Taking it to the masses

07 June 2013

Stephen Holmes recently caught up with MakerBot Industries’ co-founder and CEO Bre Pettis at the company’s store in New York

Without doubt, MakerBot is the first brand to stand out in bringing 3D printing into mainstream culture.

No 3D printing company in the world has hit the headlines more, making it the first brand that the majority of makers, designers and the simply curious visualise when thinking of having this technology on their desks.

The latest Replicator 2X, with a heated build platform and dual material output, is MakerBot Industries’ most visible product to date, yet it’s the company’s co-founder and CEO Bre Pettis that remains the most recognisable figurehead of the brand.

“It’s science fiction for most people – they just don’t understand what it is, and when we explain it, it sounds like I might as well be talking about flying cars or teleporting!” says Pettis, wearing his now trademark thick-rimmed glasses and quiff of silvering hair.

One of the most enigmatic, globetrotting figures in the industry, it came almost as a shock to find him sat at the main desk of the MakerBot store on Mulberry St, New York, on a Thursday evening.

“Having a store gives us the ability to let people touch things, hold them in their hands, feel how a MakerBot print feels. And also, because we can make things, we can make products and sell them in the store, like jewellery.

“People look at what it costs, and maybe it’s like $25, but [the part] only costs $1 to make… so people can directly see the value of ‘making it yourself’.”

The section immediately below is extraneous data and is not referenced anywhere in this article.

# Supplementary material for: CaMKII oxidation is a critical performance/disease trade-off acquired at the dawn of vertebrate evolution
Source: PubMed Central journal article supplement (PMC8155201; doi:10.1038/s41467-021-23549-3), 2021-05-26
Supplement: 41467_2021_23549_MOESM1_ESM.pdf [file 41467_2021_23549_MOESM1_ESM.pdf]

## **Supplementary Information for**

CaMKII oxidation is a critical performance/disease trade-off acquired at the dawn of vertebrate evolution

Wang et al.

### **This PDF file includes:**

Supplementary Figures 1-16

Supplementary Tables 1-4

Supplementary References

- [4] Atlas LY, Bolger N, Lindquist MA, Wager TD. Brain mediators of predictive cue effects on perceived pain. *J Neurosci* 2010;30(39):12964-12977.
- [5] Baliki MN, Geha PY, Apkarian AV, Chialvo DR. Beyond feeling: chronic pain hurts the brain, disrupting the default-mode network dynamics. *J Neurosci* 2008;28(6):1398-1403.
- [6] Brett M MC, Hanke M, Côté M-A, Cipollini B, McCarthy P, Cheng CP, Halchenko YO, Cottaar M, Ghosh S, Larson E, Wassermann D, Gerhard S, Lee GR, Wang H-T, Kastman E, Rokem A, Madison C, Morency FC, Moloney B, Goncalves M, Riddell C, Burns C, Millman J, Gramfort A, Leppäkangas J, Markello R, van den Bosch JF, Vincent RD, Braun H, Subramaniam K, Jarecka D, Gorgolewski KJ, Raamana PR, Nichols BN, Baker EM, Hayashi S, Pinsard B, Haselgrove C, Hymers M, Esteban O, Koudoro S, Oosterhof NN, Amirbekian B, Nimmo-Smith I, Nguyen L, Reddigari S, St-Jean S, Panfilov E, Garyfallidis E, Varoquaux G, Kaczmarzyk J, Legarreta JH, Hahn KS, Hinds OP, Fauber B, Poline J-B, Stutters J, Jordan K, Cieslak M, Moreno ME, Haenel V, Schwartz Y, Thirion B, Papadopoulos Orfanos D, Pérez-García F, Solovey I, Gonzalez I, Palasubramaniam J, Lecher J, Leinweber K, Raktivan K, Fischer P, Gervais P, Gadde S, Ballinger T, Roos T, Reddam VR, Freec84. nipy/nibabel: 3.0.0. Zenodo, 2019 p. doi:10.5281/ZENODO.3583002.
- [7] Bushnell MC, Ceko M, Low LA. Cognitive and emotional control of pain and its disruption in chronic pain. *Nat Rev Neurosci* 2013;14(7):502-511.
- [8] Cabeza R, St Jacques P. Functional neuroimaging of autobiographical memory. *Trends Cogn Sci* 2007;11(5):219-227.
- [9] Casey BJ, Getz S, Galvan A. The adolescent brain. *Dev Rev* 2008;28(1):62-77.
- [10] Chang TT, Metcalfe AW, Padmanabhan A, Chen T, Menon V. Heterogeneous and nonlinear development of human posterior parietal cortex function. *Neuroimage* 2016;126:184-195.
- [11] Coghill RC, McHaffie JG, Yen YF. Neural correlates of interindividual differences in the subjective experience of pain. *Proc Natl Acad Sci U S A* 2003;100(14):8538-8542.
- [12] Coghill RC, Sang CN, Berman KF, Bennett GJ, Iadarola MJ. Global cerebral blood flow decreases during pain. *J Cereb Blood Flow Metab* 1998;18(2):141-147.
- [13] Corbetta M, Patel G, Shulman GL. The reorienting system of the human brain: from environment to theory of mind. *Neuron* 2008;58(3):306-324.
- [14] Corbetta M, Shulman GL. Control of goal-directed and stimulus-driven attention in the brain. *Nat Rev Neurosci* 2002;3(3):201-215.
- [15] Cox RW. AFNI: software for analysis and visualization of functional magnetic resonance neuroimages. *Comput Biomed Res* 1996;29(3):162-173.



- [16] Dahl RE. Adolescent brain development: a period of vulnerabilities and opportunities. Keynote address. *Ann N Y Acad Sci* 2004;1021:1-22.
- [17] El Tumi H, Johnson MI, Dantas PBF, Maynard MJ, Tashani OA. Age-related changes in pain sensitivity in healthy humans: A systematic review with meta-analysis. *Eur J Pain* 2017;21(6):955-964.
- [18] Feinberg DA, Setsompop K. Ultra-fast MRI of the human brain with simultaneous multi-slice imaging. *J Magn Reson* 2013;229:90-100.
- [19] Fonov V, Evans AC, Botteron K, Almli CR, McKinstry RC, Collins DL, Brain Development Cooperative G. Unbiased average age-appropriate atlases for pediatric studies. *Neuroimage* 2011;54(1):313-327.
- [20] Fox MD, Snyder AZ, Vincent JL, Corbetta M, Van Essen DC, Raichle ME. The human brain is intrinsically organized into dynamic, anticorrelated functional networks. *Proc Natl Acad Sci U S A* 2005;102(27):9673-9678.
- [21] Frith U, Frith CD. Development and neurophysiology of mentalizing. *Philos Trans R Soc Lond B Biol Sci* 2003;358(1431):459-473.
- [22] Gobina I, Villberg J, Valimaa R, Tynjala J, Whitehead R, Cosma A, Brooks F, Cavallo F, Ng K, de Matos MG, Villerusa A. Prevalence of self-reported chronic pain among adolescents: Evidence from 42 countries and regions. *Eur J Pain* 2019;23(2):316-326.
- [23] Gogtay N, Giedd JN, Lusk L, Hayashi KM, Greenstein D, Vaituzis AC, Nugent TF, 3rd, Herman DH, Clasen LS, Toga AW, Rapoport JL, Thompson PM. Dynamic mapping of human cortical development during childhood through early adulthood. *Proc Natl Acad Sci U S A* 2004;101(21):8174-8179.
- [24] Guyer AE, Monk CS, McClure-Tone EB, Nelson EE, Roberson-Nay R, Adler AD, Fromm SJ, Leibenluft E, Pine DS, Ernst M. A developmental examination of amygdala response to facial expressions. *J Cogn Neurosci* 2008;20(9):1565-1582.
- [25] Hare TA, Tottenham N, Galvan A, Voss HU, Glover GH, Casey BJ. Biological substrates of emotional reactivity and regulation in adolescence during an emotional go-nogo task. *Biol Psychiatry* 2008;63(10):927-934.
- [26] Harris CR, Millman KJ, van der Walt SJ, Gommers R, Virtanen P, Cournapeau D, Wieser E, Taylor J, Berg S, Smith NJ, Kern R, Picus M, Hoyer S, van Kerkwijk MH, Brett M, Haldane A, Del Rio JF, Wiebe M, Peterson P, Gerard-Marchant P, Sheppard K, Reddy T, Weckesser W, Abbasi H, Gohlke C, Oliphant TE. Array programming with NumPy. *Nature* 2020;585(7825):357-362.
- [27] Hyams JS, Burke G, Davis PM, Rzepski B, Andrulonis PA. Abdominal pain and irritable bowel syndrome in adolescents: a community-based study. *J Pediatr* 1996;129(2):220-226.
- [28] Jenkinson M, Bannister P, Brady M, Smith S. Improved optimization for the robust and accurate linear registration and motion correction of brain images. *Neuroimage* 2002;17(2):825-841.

The store sells the machines, but also the spools of materials, parts printed from a MakerBot to take home, as well as books, t-shirts and other branded goods.

The store is also home to its 3D Photobooth to scan your own likeness, and a team of sales people that are extremely enthusiastic.

Selling it to any man, woman or child that walks in off the street is a first for 3D printers, but its place as a professional solution is still key. The biggest customer of the Replicator 1 and 2 is NASA; the second is JPL (Jet Propulsion Laboratory, a federally funded research and development centre), and its third is General Electric.

“When you have it on your desk and the material is so cheap, that you can make [prototypes], and if you don’t like it you can just throw it away.

“One of the core values of MakerBot is that you can fail as many times as you need to, to achieve perfection.”

Despite its meteoric ascent, it’s in a cheerful manner that Pettis dispels the rise of 3D printing as overblown.

“This is still the beginning, people are just beginning to learn about it. It’s been a secret for so long that now that people are discovering it, of course they’re excited!

“People call it hype when there’s nothing to back it up, but 3D printing is the opportunity for people to create businesses, the opportunities for creative explorers to make anything they want – we’re just at the beginning.

“It gets really exciting when you think about the next generation,” he continues. “When they grow up thinking about solving problems themselves instead of buying solutions, then you start solving real-world problems at a massive level.”

makerbot.com

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